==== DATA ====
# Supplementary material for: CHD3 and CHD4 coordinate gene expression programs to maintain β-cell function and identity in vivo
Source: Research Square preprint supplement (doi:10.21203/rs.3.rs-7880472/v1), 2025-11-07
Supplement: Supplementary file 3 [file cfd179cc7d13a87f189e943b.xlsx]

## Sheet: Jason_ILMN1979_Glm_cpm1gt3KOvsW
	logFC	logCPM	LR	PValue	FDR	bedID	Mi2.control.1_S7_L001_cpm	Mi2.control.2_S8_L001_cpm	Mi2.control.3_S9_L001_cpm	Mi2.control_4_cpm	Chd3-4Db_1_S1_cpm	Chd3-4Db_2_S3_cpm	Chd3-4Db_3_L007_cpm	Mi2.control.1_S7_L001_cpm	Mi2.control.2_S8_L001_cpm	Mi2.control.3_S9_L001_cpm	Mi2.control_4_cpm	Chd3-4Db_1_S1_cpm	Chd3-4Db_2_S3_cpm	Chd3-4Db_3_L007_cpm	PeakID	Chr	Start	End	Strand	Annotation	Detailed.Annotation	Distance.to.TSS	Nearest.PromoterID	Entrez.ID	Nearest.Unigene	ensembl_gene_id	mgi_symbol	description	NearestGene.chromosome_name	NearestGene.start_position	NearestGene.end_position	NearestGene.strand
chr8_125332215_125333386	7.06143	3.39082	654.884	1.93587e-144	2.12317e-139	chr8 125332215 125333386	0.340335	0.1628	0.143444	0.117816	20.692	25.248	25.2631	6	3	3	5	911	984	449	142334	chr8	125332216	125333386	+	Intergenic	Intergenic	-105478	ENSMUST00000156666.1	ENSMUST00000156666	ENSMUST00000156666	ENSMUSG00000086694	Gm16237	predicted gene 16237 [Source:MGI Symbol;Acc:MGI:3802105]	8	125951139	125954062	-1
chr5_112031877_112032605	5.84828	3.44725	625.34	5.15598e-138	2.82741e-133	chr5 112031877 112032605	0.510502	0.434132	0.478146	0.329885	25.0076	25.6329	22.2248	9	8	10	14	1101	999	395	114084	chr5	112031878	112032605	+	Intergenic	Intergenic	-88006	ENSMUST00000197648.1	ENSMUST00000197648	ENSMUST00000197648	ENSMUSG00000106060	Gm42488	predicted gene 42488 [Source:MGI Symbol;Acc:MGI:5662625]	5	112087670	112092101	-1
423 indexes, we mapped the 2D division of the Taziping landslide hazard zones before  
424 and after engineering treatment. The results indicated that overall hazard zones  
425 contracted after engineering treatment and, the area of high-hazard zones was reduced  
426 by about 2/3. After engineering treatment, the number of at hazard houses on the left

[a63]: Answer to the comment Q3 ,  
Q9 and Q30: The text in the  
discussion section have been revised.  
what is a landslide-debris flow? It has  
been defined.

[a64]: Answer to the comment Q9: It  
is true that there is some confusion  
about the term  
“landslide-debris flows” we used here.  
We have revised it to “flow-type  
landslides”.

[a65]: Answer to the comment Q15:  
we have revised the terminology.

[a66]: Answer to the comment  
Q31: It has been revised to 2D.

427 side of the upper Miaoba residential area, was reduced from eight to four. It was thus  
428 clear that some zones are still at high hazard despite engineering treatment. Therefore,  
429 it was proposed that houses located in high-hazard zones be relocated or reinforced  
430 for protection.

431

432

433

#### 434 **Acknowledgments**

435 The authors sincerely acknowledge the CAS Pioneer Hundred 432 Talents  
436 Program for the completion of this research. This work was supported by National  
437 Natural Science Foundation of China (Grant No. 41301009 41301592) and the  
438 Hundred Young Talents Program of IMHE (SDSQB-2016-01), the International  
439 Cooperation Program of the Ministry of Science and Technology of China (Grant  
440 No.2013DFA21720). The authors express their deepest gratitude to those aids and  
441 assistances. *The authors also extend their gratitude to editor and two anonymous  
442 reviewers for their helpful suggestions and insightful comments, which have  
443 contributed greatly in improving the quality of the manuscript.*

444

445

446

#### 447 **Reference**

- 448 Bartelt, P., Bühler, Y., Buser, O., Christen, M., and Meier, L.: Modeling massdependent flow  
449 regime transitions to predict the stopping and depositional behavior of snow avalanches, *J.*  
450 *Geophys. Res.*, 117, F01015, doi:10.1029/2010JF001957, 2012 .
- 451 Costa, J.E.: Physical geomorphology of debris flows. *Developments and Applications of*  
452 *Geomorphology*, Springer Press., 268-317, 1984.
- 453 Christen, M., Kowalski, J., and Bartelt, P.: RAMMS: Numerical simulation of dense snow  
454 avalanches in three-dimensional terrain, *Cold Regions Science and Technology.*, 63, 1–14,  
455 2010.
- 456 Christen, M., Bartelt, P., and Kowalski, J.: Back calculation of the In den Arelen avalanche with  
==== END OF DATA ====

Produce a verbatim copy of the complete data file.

# Supplementary material for: CHD3 and CHD4 coordinate gene expression programs to maintain β-cell function and identity in vivo
Source: Research Square preprint supplement (doi:10.21203/rs.3.rs-7880472/v1), 2025-11-07
Supplement: Supplementary file 3 [file cfd179cc7d13a87f189e943b.xlsx]

## Sheet: Jason_ILMN1979_Glm_cpm1gt3KOvsW
	logFC	logCPM	LR	PValue	FDR	bedID	Mi2.control.1_S7_L001_cpm	Mi2.control.2_S8_L001_cpm	Mi2.control.3_S9_L001_cpm	Mi2.control_4_cpm	Chd3-4Db_1_S1_cpm	Chd3-4Db_2_S3_cpm	Chd3-4Db_3_L007_cpm	Mi2.control.1_S7_L001_cpm	Mi2.control.2_S8_L001_cpm	Mi2.control.3_S9_L001_cpm	Mi2.control_4_cpm	Chd3-4Db_1_S1_cpm	Chd3-4Db_2_S3_cpm	Chd3-4Db_3_L007_cpm	PeakID	Chr	Start	End	Strand	Annotation	Detailed.Annotation	Distance.to.TSS	Nearest.PromoterID	Entrez.ID	Nearest.Unigene	ensembl_gene_id	mgi_symbol	description	NearestGene.chromosome_name	NearestGene.start_position	NearestGene.end_position	NearestGene.strand
chr8_125332215_125333386	7.06143	3.39082	654.884	1.93587e-144	2.12317e-139	chr8 125332215 125333386	0.340335	0.1628	0.143444	0.117816	20.692	25.248	25.2631	6	3	3	5	911	984	449	142334	chr8	125332216	125333386	+	Intergenic	Intergenic	-105478	ENSMUST00000156666.1	ENSMUST00000156666	ENSMUST00000156666	ENSMUSG00000086694	Gm16237	predicted gene 16237 [Source:MGI Symbol;Acc:MGI:3802105]	8	125951139	125954062	-1
chr5_112031877_112032605	5.84828	3.44725	625.34	5.15598e-138	2.82741e-133	chr5 112031877 112032605	0.510502	0.434132	0.478146	0.329885	25.0076	25.6329	22.2248	9	8	10	14	1101	999	395	114084	chr5	112031878	112032605	+	Intergenic	Intergenic	-88006	ENSMUST00000197648.1	ENSMUST00000197648	ENSMUST00000197648	ENSMUSG00000106060	Gm42488	predicted gene 42488 [Source:MGI Symbol;Acc:MGI:5662625]	5	112087670	112092101	-1
423 indexes, we mapped the 2D division of the Taziping landslide hazard zones before  
424 and after engineering treatment. The results indicated that overall hazard zones  
425 contracted after engineering treatment and, the area of high-hazard zones was reduced  
426 by about 2/3. After engineering treatment, the number of at hazard houses on the left

[a63]: Answer to the comment Q3 ,  
Q9 and Q30: The text in the  
discussion section have been revised.  
what is a landslide-debris flow? It has  
been defined.

[a64]: Answer to the comment Q9: It  
is true that there is some confusion  
about the term  
“landslide-debris flows” we used here.  
We have revised it to “flow-type  
landslides”.

[a65]: Answer to the comment Q15:  
we have revised the terminology.

[a66]: Answer to the comment  
Q31: It has been revised to 2D.

427 side of the upper Miaoba residential area, was reduced from eight to four. It was thus  
428 clear that some zones are still at high hazard despite engineering treatment. Therefore,  
429 it was proposed that houses located in high-hazard zones be relocated or reinforced  
430 for protection.

431

432

433

#### 434 **Acknowledgments**

435 The authors sincerely acknowledge the CAS Pioneer Hundred 432 Talents  
436 Program for the completion of this research. This work was supported by National  
437 Natural Science Foundation of China (Grant No. 41301009 41301592) and the  
438 Hundred Young Talents Program of IMHE (SDSQB-2016-01), the International  
439 Cooperation Program of the Ministry of Science and Technology of China (Grant  
440 No.2013DFA21720). The authors express their deepest gratitude to those aids and  
441 assistances. *The authors also extend their gratitude to editor and two anonymous  
442 reviewers for their helpful suggestions and insightful comments, which have  
443 contributed greatly in improving the quality of the manuscript.*

444

445

446

#### 447 **Reference**

- 448 Bartelt, P., Bühler, Y., Buser, O., Christen, M., and Meier, L.: Modeling massdependent flow  
449 regime transitions to predict the stopping and depositional behavior of snow avalanches, *J.*  
450 *Geophys. Res.*, 117, F01015, doi:10.1029/2010JF001957, 2012 .
- 451 Costa, J.E.: Physical geomorphology of debris flows. *Developments and Applications of*  
452 *Geomorphology*, Springer Press., 268-317, 1984.
- 453 Christen, M., Kowalski, J., and Bartelt, P.: RAMMS: Numerical simulation of dense snow  
454 avalanches in three-dimensional terrain, *Cold Regions Science and Technology.*, 63, 1–14,  
455 2010.
- 456 Christen, M., Bartelt, P., and Kowalski, J.: Back calculation of the In den Arelen avalanche with  